Friday, August 28, 2009

Teenagers are stupid. I know from personal experience.

I'm not one to weave in and out of traffic and I don't believe I'm a menace to other drivers on the road. Quite the opposite, in fact. I use my blinkers, my headlights, my seat belt, and my middle finger when conditions call for it. I, however, do not use my horn since I drive a Hyundai Accent and people would just laugh at me because my little horn just sounds like a squeaky fart.

My driving record is blemished only slightly and nothing of great importance stands out. I've never hit a pole, another vehicle, or a pedestrian (on foot or on bicycle) though it is quite tempting seeing as how I work on a University campus and these students often think they own the damn place. Which, when you think about it, they kind of do. And I received a ticket today for parking in my own parking lot with an expired permit. I have a strong feeling that plowing into a jaywalking freshman who never learned to look both ways before running out in front of traffic would only get me another ticket. I can't afford any more tickets.

Getting any kind of ticket always reminds me of the first ticket I ever received. It was quite memorable. I was fifteen, unlicensed/without a permit, and driving in an empty parking lot with the owner of the car sitting in the passenger seat. It was after midnight so the darkness of the parking lot lit up like a Christmas tree when the police officer flipped on his red and blue lights. I pulled over and tried to not pee all over myself. I wasn't afraid of the officer. I was afraid of my father who happened to be the officer's boss and would find out about this little oops of mine when he went to work in a few hours.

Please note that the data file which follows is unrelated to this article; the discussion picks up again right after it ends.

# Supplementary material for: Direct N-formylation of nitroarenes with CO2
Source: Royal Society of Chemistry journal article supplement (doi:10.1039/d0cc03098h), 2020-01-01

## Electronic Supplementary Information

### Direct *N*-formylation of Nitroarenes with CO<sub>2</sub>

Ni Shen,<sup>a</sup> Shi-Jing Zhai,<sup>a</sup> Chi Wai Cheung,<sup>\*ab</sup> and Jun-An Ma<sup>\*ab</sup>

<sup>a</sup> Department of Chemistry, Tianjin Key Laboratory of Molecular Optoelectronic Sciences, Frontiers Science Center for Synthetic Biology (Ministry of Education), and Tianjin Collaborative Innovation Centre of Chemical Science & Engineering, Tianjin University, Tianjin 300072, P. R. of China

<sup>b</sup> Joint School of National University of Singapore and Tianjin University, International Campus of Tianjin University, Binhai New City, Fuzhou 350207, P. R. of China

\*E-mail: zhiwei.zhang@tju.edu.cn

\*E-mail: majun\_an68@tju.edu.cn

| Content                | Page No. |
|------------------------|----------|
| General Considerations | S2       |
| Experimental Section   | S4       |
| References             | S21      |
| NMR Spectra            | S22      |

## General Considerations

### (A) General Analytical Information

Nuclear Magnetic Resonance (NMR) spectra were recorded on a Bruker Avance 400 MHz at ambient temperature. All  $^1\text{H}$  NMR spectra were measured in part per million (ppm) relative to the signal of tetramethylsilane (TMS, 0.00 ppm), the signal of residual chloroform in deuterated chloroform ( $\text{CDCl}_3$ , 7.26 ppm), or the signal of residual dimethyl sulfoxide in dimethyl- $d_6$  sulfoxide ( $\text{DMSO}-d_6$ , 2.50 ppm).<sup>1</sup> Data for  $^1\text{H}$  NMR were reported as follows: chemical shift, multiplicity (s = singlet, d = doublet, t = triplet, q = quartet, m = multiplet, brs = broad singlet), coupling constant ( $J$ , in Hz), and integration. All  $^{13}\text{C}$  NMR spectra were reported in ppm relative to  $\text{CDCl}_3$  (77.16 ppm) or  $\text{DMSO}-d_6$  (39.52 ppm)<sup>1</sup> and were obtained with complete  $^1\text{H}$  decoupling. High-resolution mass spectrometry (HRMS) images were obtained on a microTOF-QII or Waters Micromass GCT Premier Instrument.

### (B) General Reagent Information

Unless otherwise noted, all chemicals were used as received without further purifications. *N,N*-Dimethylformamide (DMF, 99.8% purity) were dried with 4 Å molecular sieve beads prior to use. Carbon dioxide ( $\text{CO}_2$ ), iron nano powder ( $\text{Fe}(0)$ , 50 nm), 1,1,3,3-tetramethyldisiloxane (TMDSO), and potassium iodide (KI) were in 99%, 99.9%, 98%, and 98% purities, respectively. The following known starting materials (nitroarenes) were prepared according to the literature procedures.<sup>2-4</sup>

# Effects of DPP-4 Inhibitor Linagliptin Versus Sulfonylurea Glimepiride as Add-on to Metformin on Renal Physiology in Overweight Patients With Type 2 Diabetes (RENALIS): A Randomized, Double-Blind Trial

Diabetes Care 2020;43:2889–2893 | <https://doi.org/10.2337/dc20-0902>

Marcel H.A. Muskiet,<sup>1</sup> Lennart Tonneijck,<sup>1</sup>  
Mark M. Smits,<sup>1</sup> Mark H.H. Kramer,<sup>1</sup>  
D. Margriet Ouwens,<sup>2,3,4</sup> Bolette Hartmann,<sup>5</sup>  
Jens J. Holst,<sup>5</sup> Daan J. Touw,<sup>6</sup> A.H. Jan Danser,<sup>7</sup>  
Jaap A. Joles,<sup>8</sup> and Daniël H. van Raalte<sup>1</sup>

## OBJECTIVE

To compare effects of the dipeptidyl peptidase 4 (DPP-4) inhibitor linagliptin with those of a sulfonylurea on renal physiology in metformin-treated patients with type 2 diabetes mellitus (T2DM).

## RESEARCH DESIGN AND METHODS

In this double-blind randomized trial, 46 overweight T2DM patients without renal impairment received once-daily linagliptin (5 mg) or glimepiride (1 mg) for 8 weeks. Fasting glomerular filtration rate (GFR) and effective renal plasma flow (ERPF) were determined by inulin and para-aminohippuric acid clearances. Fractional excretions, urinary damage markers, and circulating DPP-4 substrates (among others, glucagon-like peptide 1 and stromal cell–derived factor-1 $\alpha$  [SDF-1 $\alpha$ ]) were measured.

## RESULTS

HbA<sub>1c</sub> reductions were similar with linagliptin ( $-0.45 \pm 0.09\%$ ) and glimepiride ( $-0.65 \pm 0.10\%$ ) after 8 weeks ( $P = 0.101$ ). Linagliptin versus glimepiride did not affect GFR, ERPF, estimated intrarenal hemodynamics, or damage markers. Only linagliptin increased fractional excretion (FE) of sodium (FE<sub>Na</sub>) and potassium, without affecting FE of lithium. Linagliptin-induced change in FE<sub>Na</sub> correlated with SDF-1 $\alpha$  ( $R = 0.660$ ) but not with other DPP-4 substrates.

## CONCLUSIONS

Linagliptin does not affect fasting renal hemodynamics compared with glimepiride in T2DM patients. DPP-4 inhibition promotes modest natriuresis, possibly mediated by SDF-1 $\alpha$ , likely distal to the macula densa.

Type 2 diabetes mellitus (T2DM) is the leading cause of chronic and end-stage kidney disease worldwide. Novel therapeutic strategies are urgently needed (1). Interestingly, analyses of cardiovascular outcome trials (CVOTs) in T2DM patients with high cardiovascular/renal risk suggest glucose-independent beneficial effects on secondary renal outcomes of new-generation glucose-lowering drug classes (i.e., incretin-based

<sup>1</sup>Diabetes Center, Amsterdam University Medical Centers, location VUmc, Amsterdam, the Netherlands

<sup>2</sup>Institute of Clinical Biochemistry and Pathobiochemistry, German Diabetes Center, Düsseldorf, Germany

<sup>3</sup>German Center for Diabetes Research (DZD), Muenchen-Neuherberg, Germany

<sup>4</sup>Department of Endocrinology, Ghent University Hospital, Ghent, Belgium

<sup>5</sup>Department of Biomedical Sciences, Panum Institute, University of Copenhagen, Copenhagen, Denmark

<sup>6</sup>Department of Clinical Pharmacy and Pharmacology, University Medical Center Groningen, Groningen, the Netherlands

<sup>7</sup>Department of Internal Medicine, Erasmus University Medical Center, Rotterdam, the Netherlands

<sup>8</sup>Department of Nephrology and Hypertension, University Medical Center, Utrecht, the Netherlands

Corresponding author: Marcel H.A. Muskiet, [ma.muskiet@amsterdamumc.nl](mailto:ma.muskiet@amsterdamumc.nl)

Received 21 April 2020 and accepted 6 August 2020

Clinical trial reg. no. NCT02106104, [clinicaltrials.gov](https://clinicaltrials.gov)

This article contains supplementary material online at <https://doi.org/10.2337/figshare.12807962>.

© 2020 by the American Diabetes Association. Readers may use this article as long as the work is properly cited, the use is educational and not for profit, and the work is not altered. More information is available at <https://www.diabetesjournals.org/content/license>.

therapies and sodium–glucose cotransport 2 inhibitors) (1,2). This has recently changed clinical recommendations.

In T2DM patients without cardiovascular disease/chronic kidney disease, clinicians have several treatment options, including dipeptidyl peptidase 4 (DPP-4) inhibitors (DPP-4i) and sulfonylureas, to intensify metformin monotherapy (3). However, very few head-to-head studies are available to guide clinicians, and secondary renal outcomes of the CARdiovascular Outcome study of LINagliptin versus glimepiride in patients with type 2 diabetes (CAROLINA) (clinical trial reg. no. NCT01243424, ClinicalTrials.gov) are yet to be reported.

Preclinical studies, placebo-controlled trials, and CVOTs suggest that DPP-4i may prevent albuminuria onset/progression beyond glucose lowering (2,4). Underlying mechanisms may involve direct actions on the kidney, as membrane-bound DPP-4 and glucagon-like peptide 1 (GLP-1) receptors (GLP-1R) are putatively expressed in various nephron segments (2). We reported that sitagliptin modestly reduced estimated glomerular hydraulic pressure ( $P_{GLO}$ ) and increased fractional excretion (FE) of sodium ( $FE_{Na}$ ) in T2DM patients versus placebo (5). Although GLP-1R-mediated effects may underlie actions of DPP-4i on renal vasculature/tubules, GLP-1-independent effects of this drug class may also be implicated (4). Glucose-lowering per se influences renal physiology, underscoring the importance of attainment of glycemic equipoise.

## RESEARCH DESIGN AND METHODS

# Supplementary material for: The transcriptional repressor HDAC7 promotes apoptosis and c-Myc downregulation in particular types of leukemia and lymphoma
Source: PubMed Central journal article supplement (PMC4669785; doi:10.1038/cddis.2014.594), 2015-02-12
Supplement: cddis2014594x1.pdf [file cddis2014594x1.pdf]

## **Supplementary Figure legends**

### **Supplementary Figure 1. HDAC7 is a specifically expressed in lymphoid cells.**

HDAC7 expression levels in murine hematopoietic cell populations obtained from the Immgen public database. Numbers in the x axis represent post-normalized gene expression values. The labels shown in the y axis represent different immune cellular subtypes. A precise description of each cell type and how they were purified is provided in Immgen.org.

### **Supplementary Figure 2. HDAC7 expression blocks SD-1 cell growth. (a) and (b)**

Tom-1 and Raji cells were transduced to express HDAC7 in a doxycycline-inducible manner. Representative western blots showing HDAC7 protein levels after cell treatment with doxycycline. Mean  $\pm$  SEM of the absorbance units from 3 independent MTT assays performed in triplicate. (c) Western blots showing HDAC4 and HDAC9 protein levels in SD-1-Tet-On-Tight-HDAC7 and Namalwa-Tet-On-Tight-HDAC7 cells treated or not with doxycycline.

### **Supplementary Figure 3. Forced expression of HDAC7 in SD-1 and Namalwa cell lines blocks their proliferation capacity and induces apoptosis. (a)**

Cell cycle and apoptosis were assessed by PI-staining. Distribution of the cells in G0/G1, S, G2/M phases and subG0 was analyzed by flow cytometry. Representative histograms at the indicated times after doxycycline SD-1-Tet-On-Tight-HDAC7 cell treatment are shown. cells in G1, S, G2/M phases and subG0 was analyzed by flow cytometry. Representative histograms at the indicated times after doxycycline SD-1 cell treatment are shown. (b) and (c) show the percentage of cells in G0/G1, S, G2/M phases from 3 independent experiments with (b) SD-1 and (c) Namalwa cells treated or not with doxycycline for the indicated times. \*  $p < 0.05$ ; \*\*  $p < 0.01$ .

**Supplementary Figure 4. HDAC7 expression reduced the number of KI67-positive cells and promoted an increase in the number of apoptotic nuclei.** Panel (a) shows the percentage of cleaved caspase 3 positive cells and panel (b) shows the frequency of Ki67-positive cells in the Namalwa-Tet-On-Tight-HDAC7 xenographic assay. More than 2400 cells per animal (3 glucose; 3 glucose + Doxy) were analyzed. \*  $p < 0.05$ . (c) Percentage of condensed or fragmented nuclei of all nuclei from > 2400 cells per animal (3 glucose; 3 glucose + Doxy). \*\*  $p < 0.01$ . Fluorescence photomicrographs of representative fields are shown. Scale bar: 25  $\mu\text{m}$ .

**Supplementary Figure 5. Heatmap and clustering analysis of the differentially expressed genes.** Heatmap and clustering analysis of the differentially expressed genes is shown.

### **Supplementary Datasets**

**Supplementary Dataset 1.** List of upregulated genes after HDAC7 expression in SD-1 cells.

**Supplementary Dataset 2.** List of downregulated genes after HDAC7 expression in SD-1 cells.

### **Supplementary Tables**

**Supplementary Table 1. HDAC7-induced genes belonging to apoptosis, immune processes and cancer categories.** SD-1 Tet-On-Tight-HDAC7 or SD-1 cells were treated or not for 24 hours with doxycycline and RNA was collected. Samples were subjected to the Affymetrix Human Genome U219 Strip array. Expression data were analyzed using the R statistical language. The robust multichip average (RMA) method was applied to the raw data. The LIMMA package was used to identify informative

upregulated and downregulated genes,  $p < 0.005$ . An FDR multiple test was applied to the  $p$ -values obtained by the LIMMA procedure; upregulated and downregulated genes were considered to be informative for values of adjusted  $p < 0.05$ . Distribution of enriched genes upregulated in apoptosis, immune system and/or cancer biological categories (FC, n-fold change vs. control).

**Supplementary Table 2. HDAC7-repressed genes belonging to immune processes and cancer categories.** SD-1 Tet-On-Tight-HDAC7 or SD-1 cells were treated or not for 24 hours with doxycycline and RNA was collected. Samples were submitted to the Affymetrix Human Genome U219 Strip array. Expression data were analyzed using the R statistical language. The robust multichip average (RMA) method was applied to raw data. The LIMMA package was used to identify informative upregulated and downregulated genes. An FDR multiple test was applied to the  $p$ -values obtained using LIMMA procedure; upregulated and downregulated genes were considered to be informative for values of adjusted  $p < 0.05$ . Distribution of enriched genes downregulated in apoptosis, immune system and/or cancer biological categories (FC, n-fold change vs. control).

In all honesty, I had never pulled my father's name and status to get myself out of trouble. Until this night.

Ssgt. Jabar detained me for two hours. I was never arrested, never handcuffed, and never given the opportunity to call my parents (critical mistake number one). Remember, I was only fifteen. A minor out after curfew on a military base.

I kept saying to Ssgt. Jabar, "Look, you really should let me call my father. Do you know who my father is? You don't want to do this without calling my father."

His response was, "I don't really care who your father is. I don't know him." (critical mistake number two)